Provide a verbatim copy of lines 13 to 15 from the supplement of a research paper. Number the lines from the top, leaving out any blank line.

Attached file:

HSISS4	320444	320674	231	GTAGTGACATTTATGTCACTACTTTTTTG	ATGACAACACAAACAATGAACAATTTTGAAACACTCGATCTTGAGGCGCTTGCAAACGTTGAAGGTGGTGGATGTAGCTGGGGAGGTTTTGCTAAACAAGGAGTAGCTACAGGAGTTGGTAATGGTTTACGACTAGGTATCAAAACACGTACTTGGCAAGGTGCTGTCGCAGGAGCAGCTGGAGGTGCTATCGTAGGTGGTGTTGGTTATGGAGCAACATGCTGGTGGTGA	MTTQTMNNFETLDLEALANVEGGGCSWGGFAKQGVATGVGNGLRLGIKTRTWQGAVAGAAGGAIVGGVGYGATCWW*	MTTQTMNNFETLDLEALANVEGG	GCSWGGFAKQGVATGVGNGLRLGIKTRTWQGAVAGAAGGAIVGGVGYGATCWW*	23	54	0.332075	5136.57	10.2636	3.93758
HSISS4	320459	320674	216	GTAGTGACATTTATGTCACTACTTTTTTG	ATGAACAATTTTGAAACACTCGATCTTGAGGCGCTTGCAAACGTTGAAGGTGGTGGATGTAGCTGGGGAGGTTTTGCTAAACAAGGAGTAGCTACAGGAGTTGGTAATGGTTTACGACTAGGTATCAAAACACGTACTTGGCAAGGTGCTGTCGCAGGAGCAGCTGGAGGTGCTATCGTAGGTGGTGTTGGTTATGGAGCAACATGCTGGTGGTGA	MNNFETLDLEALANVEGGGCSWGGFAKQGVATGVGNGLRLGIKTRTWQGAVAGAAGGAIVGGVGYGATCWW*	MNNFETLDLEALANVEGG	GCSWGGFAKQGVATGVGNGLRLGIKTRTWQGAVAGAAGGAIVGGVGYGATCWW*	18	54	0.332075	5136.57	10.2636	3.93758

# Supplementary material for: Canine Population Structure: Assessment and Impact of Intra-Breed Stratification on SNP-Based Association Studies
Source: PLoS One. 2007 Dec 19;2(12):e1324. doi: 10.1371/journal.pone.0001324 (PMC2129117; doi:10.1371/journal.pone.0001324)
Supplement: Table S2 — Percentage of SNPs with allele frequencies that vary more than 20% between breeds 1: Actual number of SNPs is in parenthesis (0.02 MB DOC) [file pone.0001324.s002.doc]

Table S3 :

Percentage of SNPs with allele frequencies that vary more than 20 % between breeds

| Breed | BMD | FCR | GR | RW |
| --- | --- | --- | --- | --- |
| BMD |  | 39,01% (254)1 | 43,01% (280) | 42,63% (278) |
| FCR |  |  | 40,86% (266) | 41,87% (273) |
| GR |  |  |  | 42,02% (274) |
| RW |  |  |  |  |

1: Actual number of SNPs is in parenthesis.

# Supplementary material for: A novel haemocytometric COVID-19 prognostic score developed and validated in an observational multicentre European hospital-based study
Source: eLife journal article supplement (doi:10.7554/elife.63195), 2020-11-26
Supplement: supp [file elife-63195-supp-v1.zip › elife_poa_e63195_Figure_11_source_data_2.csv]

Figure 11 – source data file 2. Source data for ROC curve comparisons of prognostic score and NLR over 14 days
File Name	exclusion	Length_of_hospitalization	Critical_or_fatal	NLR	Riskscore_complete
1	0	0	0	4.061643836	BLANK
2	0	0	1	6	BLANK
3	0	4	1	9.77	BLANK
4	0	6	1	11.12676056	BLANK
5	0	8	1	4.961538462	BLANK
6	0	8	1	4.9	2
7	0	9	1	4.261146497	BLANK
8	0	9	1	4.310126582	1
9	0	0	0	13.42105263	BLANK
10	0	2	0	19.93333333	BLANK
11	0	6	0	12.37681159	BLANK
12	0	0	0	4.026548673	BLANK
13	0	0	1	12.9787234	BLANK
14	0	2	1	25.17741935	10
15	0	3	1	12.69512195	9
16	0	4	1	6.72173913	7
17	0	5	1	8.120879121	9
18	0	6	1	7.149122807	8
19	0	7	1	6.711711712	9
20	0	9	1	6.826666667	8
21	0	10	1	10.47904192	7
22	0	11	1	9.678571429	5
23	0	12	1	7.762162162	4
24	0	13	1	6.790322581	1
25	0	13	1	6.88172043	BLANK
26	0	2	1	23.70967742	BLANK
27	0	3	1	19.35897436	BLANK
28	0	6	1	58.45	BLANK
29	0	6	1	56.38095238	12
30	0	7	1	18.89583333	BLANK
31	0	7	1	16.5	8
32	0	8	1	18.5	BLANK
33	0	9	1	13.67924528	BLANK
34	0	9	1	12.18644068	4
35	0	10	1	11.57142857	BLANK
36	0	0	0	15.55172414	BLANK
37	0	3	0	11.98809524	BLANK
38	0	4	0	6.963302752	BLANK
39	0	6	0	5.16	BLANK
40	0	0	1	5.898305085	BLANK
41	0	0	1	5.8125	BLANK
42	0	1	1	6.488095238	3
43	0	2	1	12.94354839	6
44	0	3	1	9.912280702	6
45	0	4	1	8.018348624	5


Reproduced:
| RW |  |  |  |  |

1: Actual number of SNPs is in parenthesis.

# Supplementary material for: A novel haemocytometric COVID-19 prognostic score developed and validated in an observational multicentre European hospital-based study